Over the years, the emphasis on testing has gone through many phases, peaks and valleys. Finally it is becoming a first-class citizen in the development world. Unfortunately the pressure to legitimize it has seemingly gone over to the dark-side.
The concept of Test Driven Development is where you create the tests for an algorithm or interface and then implement functionality specifically to pass the tests. The idea is that by focusing on only the conditions that are required to pass the tests as defined, a simpler and more focused implementation will emerge. Along the way, the tests can be repeatedly run to quantify the implementation process and benchmark the path to completion. Many of the big proponents of this are the same academians (read: book-smarts who've never built or maintained anything beyond one iteration) who have mired OO and modeling in the quagmire you find it today. Rubbish.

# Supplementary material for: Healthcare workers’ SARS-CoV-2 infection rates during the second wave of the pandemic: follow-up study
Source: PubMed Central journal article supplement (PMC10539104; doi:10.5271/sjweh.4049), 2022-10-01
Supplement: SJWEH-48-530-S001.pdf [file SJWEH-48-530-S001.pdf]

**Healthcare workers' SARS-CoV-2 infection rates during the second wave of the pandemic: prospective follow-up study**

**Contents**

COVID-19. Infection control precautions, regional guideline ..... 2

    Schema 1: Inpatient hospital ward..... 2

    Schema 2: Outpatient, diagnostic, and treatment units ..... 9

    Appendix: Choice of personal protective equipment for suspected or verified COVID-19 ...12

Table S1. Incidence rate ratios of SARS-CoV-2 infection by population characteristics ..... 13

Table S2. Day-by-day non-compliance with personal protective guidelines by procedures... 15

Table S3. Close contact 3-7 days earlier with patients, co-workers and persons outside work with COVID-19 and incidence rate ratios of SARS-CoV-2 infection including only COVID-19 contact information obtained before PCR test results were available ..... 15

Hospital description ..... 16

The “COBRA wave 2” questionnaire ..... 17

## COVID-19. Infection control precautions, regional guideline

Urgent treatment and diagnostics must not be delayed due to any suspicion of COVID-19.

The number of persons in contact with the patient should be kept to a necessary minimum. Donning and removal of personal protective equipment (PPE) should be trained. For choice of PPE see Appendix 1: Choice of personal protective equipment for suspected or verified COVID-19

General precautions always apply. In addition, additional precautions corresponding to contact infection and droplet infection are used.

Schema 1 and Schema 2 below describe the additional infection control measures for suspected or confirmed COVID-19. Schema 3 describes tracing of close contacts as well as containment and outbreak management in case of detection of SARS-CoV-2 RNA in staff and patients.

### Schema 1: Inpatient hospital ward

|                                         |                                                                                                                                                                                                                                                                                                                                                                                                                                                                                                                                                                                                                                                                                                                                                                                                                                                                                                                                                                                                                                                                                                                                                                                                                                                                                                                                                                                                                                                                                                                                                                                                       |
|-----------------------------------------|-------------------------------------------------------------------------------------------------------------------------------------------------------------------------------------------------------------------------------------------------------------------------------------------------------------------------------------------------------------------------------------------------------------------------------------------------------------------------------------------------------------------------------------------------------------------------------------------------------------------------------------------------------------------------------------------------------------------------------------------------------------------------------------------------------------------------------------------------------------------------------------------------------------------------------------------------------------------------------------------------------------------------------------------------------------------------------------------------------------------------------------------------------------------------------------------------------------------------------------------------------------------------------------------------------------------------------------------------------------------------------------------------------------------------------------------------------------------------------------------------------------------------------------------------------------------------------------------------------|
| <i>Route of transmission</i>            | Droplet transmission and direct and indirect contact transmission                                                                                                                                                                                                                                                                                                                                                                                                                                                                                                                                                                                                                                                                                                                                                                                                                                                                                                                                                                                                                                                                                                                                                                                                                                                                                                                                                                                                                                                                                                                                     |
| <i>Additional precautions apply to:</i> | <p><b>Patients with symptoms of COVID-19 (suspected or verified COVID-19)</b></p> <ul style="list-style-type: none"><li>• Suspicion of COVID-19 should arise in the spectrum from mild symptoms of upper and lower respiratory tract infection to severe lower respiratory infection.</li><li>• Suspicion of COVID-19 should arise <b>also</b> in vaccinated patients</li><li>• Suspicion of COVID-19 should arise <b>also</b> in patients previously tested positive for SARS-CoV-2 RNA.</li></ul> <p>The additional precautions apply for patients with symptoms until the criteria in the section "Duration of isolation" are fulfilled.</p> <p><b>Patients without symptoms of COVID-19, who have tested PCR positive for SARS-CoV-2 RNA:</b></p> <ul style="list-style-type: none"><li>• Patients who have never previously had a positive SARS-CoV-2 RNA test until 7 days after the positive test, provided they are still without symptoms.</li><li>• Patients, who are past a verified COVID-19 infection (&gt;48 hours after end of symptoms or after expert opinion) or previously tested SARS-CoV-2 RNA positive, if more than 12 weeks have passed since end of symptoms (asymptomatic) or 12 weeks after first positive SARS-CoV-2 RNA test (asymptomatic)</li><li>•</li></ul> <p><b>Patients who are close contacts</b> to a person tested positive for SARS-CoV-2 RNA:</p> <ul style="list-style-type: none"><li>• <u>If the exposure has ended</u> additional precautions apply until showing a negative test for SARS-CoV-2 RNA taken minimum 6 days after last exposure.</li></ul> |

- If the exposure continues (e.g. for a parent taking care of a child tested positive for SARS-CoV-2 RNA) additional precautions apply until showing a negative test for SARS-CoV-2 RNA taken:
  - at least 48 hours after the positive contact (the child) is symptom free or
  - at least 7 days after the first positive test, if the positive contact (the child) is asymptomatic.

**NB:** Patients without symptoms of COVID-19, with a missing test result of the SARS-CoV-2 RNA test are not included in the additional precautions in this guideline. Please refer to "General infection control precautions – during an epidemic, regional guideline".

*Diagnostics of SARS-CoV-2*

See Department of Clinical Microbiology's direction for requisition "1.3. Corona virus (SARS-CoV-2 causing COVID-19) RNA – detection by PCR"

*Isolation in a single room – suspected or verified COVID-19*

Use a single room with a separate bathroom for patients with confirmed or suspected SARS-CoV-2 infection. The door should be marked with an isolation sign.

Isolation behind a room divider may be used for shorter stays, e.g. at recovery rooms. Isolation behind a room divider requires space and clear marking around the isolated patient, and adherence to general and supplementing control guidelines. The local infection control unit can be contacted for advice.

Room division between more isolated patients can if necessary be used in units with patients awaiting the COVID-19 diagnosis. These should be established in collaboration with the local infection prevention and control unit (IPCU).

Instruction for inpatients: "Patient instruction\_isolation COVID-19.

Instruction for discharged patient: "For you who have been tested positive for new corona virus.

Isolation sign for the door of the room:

Foundationally I think the idea of placing equal importance between implementation and testing. Not just in name, but truly in resource allocation, estimation and planning, etc. Testing is as vital and in some ways more so then implementation. But to assume that functionality can be accurately modeled, represented, discussed and delineated via test cases is naivete in the extreme. The fact of the matter is that the primary reason systems and the processes to create them fail is due to lack of specificity in the architecture, not the inability or incompleteness of the tests or implementation. To add yet another bass-ackwards approach to communicating a successful architecture is an example of a good seminal idea that was watered and incubated by commercializing technocrats into something perverted and deformed.
This is yet another example of using a hammer to drive screws (ala the SOA skulduggery). Any idiot can suggest aspirin for a head-ache. It's a real doctor who notices the pattern in their consistency and seeks the true cause without getting side-tracked on every little symptom. Our problem is poor architecture and lack of discipline in our processes. We need to stop listening to the quacks who want quick fixes and focus on real health. That's the only way we'll ever see a real revival of trust in the technology industry.